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COM’s Schneider on what the writers’ strike means for viewers — and the industry

Some 12,000 Hollywood screenwriters went on strike against the U.S. film and television industry on Monday after last-ditch talks with studios failed to yield a new labor contract.

For months, members of the Writers Guild of America have wrangled with the Alliance of Motion Picture and Television Producers over compensation based on DVD sales and Internet downloads.

The guild’s New York and Los Angeles chapters stopped work at 12:01 a.m. local time. The last writers’ strike was in 1988, lasted 22 weeks, and cost the economy an estimated $500 million.

So, what are the ramifications of this latest strike? For answers, BU Today sought out Paul Schneider, a College of Communication associate professor of film and television and a Directors Guild of America member.

BU Today: Why are the writers striking?
Schneider:
Years ago, the Writers Guild of America, the Screen Actors Guild of America, and the Directors Guild of America negotiated away meaningful residual rights to revenue from DVD sales, basic cable, and other venues that they believed to be unimportant at the time. So writers are demanding a bigger slice of revenue from DVD sales and from shows that are viewed over the Internet or mobile phones. Right now, none of the rules that apply to ways in which writers, directors, and actors are compensated for reuse of their work apply on the Internet or iTunes. Because producers, studios, and networks are profiting from the Internet and cell phones, the guilds — rightfully — feel they should profit as well. As it stands now, the producers are essentially taking work that the writers, directors, and actors have created and reselling it without compensating the people who created it.

Who does the strike affect?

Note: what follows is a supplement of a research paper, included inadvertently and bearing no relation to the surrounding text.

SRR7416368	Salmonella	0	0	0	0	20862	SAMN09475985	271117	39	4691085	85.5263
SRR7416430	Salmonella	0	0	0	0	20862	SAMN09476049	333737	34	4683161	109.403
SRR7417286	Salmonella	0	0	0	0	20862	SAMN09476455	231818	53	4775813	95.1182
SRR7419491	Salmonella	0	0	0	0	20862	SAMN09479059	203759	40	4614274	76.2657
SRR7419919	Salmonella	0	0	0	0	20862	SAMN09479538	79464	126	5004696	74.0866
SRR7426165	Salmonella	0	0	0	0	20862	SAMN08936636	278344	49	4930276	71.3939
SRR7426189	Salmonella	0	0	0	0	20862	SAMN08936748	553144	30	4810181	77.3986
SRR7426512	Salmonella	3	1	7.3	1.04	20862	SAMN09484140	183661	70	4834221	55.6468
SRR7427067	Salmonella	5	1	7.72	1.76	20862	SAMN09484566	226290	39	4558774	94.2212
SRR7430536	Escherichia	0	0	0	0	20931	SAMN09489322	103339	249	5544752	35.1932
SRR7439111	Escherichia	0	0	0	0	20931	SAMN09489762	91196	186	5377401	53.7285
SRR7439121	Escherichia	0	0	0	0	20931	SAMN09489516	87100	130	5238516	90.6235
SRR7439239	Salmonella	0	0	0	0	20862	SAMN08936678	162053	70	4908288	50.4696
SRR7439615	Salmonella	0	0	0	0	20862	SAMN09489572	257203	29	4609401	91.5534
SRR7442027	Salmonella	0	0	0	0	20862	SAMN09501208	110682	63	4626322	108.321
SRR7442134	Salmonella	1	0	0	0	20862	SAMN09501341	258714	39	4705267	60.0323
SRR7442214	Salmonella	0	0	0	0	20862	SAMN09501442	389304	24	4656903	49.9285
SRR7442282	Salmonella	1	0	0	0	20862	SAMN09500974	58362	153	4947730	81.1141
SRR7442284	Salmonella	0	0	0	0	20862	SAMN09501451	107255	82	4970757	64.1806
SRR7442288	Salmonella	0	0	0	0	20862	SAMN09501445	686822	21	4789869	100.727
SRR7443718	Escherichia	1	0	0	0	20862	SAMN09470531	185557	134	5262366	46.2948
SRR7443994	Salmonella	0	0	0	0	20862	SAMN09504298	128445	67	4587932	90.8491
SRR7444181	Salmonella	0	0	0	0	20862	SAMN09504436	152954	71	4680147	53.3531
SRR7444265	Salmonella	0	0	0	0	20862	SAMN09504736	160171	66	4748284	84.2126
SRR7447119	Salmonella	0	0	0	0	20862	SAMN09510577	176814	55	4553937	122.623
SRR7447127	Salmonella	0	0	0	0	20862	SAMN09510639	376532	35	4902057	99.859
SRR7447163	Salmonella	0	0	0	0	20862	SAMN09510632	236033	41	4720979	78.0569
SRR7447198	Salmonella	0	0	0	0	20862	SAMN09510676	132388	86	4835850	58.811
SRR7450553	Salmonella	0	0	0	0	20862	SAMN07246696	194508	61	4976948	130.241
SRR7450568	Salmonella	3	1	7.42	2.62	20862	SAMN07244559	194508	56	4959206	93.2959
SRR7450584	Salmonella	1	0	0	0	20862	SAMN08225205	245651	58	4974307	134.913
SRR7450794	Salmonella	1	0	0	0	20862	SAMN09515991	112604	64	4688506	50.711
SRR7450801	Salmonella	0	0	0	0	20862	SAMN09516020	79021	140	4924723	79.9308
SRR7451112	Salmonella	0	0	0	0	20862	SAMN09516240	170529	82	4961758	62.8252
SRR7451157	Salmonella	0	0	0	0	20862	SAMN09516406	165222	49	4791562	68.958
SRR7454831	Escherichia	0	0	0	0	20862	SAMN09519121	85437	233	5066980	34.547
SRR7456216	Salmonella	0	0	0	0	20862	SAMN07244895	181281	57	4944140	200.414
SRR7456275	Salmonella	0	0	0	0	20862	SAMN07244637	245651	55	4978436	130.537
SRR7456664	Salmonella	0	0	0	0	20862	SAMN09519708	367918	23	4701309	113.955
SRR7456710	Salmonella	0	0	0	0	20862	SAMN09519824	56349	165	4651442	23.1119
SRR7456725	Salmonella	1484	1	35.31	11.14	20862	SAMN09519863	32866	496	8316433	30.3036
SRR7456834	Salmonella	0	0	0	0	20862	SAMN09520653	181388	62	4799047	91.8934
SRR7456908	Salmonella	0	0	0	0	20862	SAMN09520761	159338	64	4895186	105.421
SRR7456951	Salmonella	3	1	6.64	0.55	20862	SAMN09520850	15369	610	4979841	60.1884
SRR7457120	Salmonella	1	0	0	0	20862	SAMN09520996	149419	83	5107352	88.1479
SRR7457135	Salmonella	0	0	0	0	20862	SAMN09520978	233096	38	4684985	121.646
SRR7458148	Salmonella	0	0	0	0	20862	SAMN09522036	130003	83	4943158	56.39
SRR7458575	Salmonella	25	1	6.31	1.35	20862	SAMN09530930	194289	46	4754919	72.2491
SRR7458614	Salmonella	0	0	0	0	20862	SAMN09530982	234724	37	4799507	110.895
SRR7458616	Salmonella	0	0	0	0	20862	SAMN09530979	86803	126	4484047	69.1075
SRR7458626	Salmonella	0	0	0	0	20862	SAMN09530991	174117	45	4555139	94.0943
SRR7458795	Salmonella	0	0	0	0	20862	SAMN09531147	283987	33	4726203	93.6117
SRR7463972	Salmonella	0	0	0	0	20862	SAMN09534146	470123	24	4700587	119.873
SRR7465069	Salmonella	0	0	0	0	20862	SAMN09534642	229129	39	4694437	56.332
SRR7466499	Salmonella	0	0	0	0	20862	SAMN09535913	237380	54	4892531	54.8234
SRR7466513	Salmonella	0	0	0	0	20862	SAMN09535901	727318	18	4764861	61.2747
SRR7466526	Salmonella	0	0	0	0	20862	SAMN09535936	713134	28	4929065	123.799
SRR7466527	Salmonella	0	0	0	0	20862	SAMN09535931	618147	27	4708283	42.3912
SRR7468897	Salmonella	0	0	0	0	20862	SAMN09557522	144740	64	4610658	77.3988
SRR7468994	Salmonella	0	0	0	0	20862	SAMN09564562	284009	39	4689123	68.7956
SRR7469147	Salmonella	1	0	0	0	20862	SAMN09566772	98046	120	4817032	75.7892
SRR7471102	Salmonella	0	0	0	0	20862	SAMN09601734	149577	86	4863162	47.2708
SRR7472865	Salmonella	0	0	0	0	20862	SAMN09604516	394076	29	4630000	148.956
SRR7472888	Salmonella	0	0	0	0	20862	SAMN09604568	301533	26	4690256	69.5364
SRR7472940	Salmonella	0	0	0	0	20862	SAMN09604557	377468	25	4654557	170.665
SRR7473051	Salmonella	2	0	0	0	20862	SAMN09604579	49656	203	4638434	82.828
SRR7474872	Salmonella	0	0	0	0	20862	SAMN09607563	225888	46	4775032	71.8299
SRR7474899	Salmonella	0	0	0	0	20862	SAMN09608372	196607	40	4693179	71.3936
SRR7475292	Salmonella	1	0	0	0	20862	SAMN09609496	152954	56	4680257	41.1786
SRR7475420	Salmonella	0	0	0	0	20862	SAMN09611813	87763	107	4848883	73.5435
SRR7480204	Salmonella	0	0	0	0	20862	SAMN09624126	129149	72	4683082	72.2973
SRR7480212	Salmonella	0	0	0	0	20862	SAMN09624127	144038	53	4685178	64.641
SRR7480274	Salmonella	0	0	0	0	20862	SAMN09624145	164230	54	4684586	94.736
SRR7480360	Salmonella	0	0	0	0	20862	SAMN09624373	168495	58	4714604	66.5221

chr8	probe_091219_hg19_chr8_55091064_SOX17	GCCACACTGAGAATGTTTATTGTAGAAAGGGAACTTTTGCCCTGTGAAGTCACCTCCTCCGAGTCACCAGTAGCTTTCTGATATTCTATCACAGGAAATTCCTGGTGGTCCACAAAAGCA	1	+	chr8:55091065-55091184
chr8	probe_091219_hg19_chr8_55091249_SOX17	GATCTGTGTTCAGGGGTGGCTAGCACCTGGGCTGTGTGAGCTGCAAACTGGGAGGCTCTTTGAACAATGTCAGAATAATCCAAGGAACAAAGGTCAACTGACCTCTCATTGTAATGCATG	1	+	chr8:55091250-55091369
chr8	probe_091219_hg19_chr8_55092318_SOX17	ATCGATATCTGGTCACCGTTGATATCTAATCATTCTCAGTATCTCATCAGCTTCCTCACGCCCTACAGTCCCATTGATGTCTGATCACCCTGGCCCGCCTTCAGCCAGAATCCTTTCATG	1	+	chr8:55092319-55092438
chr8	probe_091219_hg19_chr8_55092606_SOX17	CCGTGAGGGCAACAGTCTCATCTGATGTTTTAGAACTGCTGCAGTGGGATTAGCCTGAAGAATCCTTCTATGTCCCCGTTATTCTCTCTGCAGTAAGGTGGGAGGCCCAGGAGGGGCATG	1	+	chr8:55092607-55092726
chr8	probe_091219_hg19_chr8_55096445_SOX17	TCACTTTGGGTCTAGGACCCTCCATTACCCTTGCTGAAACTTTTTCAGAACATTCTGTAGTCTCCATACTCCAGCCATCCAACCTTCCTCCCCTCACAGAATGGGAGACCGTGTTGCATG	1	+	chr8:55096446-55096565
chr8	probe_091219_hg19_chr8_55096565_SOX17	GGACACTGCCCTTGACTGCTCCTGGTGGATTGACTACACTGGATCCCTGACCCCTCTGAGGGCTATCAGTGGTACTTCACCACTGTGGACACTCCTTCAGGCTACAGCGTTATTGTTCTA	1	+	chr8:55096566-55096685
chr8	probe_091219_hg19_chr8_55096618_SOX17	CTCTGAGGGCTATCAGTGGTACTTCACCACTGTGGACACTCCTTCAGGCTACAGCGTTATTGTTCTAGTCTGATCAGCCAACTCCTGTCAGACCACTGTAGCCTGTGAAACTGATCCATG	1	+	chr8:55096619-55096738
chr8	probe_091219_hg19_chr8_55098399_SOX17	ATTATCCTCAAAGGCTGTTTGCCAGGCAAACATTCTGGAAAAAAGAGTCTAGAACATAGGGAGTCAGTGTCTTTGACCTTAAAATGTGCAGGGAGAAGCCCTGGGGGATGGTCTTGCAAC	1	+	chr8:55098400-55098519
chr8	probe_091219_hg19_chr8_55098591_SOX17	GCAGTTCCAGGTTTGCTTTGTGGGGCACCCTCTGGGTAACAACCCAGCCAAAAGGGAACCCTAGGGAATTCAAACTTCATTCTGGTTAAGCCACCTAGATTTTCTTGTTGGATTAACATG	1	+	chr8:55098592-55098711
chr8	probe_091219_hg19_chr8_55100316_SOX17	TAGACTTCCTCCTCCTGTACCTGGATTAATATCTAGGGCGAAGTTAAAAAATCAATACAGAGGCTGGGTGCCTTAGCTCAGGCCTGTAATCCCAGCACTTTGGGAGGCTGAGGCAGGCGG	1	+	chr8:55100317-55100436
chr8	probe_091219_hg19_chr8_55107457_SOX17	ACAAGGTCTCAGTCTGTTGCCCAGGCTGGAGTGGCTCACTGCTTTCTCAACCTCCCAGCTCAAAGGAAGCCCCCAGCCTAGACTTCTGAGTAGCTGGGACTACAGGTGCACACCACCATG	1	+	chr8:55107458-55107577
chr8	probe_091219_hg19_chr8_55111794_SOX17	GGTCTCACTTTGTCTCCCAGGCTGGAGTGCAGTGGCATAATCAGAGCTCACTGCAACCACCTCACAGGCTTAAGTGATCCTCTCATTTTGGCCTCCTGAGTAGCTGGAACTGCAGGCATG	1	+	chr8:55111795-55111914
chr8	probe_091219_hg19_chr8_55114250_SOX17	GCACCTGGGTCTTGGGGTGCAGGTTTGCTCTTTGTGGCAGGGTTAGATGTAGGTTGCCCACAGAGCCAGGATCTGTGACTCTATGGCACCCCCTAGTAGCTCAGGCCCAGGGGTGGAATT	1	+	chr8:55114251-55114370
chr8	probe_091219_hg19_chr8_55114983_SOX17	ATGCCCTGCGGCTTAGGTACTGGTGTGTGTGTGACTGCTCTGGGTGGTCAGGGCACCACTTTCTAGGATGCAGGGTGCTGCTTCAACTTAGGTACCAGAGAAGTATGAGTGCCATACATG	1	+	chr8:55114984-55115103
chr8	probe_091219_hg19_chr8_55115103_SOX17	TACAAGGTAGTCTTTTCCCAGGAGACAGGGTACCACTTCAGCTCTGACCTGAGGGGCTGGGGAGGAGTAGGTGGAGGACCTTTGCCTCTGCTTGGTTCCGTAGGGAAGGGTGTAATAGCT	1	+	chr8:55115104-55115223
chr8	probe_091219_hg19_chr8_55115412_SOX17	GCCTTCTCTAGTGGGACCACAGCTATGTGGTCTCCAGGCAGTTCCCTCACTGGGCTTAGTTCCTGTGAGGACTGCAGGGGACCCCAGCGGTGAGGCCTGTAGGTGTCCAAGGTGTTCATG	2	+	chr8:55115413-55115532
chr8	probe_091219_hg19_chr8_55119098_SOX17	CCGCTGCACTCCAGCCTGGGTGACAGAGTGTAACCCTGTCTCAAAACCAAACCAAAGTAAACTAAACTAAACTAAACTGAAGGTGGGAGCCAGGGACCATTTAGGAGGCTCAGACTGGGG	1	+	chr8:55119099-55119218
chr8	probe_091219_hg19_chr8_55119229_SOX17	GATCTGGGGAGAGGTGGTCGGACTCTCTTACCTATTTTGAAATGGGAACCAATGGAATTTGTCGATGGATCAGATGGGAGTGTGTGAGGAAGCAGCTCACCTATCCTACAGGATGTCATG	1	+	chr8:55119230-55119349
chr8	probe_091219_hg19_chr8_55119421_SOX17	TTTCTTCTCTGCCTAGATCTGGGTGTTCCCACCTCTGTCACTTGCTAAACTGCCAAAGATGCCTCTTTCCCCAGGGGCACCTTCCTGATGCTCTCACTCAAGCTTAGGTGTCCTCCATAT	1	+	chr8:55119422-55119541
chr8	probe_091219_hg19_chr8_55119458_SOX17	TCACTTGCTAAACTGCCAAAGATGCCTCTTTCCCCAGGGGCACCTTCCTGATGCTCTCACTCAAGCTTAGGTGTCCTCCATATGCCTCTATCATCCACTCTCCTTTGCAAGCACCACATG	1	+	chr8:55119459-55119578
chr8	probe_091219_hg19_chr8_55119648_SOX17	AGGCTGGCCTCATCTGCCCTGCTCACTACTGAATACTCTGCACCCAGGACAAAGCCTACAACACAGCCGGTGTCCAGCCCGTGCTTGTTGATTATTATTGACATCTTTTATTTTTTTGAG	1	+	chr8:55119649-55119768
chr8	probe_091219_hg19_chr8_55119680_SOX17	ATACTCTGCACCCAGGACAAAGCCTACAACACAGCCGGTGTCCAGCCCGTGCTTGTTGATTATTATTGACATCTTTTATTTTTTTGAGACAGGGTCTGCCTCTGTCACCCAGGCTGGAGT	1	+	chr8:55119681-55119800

It has far-reaching ramifications. Programs that are daily-type shows — for example, late-night shows and comedy shows like The Colbert Report and The Daily Show — are affected first. Those shows don’t have any episodes stockpiled, and they’ll be shut down immediately. Television series, such as dramas and sitcoms, have a few episodes stockpiled, so it will take longer for the strike to affect them. Feature films have an even bigger stockpile, but if the strike goes on for a long time, it will affect the motion picture industry, too. The other complication that arises is that a lot of writers in television are also producers. More than 50 percent of all television shows are produced by writer-producers, and they’re in a bind because on one hand, they’re not supposed to write, but on the other hand, they’re supposed to perform their duties as producers, and there are legal ramifications to that. Writer strikes are bad for everyone. It’s been 20 years since the last one, and it was terrible. People lost their homes, and marriages broke up.

What happens if an agreement can’t be reached?
If this doesn’t get resolved, then we will be looking at a directors’ strike and a screen actors’ strike, and then the whole industry will shut down.

What impact will the strike have on the motion picture industry?

Essentially, every studio stockpiles some stuff, so if the strike is short, it won’t be a big deal. The problem arises when films that are currently in production need rewrites or revisions.

Will reality shows profit from the strike?

Probably, because reality shows aren’t covered by the Writers Guild. But like everything else, there’s a limit to how much reality programming audiences can stomach, and if that’s all there is on TV, there may be a bit of a backlash.

How did Hollywood resolve the last writers strike?

They compromised. Both sides moved halfway.  

Do you anticipate any plunge in network and cable ratings?

There will most likely be a huge fallout in the late-night ratings, because who wants to watch reruns of Late Night with David Letterman or The Daily Show?

What can screenwriting students learn from this?
I think people need to be better educated on what’s going on in the industry. Times are changing rapidly, and you have things like YouTube, which has an enormous amount of content, most of it coming from nonprofessionals. And I think, in a sense, the traditional world where professional writers control the writing and were compensated is breaking down. There’s a certain amount of fear and uncertainty throughout the whole industry as to where things are going. And that’s another reason why I think the writers, even though they didn’t want to do it, felt that they had to, so to speak, draw a line in the sand. All of a sudden content that was protected has lost its protection, and it’s an enormous quandary not just for the writers, directors, and screen actors, but also for the producers and production companies. How do they maintain their control over their own product? It’s a big deal, and I’m not sure where it’s all going to go.

Vicky Waltz can be reached at vwaltz@bu.edu.